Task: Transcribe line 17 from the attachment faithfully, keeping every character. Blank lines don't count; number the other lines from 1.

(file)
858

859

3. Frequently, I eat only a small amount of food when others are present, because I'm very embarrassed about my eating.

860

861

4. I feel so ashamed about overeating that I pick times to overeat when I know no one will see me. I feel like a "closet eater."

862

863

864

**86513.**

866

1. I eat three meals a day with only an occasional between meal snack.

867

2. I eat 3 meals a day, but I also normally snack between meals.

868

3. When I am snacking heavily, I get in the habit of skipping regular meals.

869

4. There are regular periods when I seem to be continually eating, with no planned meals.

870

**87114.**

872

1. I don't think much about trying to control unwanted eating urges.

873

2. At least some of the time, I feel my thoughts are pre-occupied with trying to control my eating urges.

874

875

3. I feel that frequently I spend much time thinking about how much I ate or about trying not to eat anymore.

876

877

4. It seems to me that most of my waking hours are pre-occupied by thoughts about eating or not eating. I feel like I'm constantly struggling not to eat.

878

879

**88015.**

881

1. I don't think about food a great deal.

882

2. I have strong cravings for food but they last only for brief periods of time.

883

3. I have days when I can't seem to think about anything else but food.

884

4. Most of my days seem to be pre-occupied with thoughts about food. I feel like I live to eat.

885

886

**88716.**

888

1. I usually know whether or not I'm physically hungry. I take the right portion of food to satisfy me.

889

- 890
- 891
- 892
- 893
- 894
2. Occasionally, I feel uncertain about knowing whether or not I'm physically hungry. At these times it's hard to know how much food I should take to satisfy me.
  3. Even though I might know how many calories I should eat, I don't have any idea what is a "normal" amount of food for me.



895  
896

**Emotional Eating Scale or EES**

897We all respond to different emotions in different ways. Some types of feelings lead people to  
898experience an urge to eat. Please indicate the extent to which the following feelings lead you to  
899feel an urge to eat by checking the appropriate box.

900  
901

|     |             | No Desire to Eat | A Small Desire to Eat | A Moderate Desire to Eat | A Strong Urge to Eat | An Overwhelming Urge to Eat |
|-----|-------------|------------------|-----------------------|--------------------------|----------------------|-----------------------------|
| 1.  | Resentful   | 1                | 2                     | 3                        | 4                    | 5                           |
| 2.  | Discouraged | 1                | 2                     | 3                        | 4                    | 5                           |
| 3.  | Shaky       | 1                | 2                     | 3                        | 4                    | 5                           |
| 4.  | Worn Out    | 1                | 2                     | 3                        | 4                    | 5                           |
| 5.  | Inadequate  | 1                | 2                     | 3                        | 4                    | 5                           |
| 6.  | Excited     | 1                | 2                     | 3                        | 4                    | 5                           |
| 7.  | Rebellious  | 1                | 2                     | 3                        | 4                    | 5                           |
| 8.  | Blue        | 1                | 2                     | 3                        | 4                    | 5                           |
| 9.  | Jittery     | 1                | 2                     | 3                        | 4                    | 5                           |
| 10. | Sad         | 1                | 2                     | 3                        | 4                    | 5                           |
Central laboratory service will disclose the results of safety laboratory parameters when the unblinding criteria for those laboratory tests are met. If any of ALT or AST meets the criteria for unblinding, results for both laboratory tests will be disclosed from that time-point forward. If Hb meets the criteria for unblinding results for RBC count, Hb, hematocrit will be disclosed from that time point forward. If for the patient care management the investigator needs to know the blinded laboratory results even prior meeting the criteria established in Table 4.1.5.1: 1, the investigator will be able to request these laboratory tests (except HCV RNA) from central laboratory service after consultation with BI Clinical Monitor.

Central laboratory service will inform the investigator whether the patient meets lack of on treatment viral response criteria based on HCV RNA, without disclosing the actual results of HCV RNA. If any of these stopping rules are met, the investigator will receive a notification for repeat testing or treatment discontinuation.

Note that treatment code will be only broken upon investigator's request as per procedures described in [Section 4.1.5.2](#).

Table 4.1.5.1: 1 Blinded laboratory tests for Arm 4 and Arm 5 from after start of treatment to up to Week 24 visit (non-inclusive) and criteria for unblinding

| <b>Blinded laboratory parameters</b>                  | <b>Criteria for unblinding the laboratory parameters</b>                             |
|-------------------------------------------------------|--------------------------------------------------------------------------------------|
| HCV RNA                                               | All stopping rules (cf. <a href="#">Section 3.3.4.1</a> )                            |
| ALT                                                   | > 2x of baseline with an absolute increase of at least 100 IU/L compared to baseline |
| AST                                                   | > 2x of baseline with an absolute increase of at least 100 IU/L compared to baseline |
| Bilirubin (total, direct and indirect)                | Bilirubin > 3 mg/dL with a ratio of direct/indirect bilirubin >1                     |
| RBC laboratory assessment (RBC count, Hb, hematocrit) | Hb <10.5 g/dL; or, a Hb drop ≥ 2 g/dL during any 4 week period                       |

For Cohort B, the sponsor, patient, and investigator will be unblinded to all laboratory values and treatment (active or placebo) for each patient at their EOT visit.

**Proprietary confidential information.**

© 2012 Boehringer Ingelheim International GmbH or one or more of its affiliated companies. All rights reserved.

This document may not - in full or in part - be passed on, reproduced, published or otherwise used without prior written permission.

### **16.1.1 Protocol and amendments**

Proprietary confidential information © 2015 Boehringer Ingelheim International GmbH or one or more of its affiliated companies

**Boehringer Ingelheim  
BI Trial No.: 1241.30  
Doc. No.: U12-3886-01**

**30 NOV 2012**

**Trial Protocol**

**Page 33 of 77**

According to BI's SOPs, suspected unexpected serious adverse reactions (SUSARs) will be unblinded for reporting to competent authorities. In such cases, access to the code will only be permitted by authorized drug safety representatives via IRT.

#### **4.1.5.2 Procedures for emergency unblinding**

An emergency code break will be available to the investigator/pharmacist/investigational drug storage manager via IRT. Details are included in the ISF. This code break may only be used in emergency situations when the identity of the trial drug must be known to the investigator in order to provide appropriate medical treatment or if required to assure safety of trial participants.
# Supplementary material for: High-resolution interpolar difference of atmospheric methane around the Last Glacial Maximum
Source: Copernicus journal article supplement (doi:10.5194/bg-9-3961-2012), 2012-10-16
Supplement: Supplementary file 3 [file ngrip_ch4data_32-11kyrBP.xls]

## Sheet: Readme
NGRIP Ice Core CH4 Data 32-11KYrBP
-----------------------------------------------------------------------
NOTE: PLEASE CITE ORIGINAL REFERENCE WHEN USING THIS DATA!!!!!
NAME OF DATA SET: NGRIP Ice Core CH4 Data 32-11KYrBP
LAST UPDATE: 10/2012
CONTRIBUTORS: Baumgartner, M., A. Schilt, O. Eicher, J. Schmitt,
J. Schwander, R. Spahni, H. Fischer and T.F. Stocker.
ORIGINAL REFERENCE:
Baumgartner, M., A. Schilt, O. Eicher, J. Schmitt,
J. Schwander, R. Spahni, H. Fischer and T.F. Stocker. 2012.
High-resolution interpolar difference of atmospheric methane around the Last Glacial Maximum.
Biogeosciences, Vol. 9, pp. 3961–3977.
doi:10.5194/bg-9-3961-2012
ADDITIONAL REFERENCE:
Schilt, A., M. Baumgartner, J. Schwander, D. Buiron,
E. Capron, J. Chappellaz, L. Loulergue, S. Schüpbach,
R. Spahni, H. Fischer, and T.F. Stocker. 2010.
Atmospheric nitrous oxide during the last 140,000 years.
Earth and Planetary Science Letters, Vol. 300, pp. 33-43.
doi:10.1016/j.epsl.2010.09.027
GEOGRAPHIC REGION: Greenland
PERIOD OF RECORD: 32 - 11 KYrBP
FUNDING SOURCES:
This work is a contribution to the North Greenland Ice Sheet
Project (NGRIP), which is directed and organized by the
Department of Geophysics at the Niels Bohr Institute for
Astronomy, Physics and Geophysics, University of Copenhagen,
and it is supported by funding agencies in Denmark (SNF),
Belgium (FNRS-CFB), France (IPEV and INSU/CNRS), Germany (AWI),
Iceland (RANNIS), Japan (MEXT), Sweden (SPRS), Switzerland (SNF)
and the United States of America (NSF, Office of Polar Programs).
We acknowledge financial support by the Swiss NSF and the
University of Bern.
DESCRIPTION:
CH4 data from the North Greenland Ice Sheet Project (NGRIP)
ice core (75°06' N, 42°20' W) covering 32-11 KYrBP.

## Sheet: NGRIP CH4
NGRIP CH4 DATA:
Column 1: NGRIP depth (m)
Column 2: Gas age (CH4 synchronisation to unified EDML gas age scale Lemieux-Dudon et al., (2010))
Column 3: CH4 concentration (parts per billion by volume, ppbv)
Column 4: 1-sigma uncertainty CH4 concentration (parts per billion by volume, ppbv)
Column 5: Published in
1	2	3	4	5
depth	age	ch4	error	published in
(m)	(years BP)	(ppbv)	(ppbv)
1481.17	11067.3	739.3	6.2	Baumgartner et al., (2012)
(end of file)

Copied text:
869